• Ubuntu has an expansive PPA system that allows software publishers to upload source code, and they'll build binary packages for every platform and host them for free; this process does not require reviews. There's no PPA equivalent in Debian. LLVM and nginx can afford to run their own Debian package repository, but not smaller publishers.
    • Ubuntu offers a choice of two kernel versions (GA and HWE), as well as pre-compiled mainline kernel. Debian has only one kernel version choice. 5.10 is great now but won't be in two years.
    • Ubuntu configures network interfaces with Netplan, which uses a structured file. Debian networking relies on semi-structured /etc/network/interfaces file. However, I recently discovered that it's possible to have Netplan on Debian, except that DNS server settings are ineffective.
    • Ubuntu provides SD card image for Raspberry Pi 4 with a consistent experience same as a laptop. Debian doesn't have an officially supported image for Raspberry Pi 4. Raspberry Pi OS is supposedly Debian but it offers drastically different user experience.

    I installed snap on Debian and it was also a very good experience.

    But my desktop computer is Ubuntu.

    I am a fake IPv6 advocate.

  • Daniel15Daniel15 Member
    edited October 10

    Oh I forgot to mention that I did used to run Ubuntu on desktop, because its desktop experience was a bit more polished at the time.

    @yoursunny said: LLVM and nginx can afford to run their own Debian package repository, but not smaller publishers.

    Aptly makes it very easy though. I ran the Debian report for Yarn v1 myself (https://github.com/yarnpkg/releases/tree/gh-pages/debian) and it works fine.

    Ubuntu configures network interfaces with Netplan, which uses a structured file. Debian networking relies on semi-structured /etc/network/interfaces file.

    I don't mind Debian's config file - It does what I need, and for basic network configs you just need a few lines. I haven't had to deal with complex network configs though.

    5.10 is great now but won't be in two years.

    That's when you switch to the testing version, which always has new packages (but not too new; they need to be in unstable for around a week with no major bugs to migrate to testing). I ran Debian testing in prod for maybe 10 years? Worked fine and I never had major issues with it. These days I'm sticking with stable unless I really need the new features in testing.

    Thanked by 1yoursunny
  • yoursunnyyoursunny Member, IPv6 Advocate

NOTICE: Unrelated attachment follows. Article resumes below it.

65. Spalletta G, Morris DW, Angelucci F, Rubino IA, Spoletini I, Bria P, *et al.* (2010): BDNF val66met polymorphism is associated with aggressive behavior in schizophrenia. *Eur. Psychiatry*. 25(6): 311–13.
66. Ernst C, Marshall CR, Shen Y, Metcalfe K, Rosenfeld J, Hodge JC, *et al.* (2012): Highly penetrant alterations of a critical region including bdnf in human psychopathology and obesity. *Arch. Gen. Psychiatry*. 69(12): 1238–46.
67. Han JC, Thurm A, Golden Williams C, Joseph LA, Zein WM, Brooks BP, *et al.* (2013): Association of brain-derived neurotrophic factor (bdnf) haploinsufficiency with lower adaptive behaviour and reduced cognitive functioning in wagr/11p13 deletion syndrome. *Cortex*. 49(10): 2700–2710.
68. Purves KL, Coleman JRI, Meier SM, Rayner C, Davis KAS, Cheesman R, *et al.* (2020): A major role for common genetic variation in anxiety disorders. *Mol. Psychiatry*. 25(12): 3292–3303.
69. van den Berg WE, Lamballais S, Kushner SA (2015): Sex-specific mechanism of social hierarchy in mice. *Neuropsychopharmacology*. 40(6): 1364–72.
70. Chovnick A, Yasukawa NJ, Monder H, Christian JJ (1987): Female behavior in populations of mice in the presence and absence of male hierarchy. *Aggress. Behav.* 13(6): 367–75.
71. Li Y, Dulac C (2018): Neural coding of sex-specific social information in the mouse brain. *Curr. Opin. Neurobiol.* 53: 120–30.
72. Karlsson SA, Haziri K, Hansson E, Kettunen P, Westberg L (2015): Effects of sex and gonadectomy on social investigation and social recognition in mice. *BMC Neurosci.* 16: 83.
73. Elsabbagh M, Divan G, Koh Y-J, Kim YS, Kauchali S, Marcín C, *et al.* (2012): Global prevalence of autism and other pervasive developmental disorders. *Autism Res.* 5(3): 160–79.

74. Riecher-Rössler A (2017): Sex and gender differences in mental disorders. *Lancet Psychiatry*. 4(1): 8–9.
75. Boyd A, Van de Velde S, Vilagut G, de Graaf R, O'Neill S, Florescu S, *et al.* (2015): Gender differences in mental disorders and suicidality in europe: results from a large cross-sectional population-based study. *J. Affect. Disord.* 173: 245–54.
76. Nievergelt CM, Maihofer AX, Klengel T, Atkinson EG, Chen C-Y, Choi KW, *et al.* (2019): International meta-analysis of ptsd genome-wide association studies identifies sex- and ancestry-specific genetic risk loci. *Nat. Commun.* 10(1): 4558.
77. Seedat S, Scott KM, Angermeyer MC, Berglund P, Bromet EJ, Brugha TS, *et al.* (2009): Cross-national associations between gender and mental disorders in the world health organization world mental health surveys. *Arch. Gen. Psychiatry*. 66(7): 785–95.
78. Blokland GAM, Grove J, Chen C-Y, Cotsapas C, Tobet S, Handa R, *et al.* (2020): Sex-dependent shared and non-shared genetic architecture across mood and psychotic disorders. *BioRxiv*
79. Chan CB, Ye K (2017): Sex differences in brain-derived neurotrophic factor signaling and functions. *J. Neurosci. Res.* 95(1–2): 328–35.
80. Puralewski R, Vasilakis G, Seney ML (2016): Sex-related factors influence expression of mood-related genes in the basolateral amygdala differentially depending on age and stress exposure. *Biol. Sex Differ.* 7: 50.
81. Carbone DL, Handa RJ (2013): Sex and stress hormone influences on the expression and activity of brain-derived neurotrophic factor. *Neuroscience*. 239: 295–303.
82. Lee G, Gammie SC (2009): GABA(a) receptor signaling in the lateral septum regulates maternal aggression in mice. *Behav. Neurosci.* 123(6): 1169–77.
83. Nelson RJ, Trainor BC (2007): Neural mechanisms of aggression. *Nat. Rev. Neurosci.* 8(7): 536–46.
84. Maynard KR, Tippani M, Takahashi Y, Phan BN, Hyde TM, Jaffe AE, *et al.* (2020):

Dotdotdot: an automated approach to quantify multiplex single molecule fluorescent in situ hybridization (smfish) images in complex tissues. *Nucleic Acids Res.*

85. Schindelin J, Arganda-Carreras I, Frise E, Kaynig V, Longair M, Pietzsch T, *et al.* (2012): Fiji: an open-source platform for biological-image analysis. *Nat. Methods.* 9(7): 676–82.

@mcgree said:
    I installed snap on Debian and it was also a very good experience.

    I deleted snapd on Ubuntu and it was a good experience.
    I don't understand what snapd is for and why we need snapd, and the system works fine without it.

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  • raindog308raindog308 Administrator

    @iroquot said: systemd totally ruined debian.

    Although I have religious/philosophical objections to systemd as being contrary to the Unix philosophy, if I'm being honest I have to say that for the several years I've been using it (both in Debian on my stuff and RHEL in work settings), it's been easy to use and problem-free.

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  • I am primarily a windows guy, but using Linux desktop with Debian 11. Enjoying it and slowly learning linux commands.

    Running SQL Server for linux (for storing database) and custom stored procedures.

  • raindog308raindog308 Administrator

    @dev_vps said:
    I am primarily a windows guy, but using Linux desktop with Debian 11. Enjoying it and slowly learning linux commands.

    Running SQL Server for linux (for storing database) and custom stored procedures.

    SQL Server isn’t supported on Debian:

    https://docs.microsoft.com/en-us/sql/linux/sql-server-linux-setup?view=sql-server-ver15#:~:text=Supported platforms Platform , Installation guide Get Docker

    ..unless you’re using Docker.

    For LET support, please visit the support desk.

    LowEndTalk attracts the finest members. - bear, WebHostingTalk

  • @raindog308 said: SQL Server isn’t supported on Debian

    Indeed but it installs and runs quite happily. I remember adding
    deb [arch=amd64,arm64,armhf] https://packages.microsoft.com/ubuntu/18.04/mssql-server-2019 bionic main

    on a debian 10 and worked pretty well. Not sure if I would deploy that on production though :)

    Thanked by 1raindog308
  • dev_vpsdev_vps Member
    edited October 10

    @raindog308 said:

    @dev_vps said:
    I am primarily a windows guy, but using Linux desktop with Debian 11. Enjoying it and slowly learning linux commands.

    Running SQL Server for linux (for storing database) and custom stored procedures.

    SQL Server isn’t supported on Debian:

    https://docs.microsoft.com/en-us/sql/linux/sql-server-linux-setup?view=sql-server-ver15#:~:text=Supported platforms Platform , Installation guide Get Docker

    ..unless you’re using Docker.

    You're right.

    My apologies. I am actually running Ubuntu 21.04 with LXQt desktop. For some reason, I was thinking I am running Debian 11 (that again shows how little I know about Linux)

    Here is a screenshot from my $2 vps (thanks for RackNerd)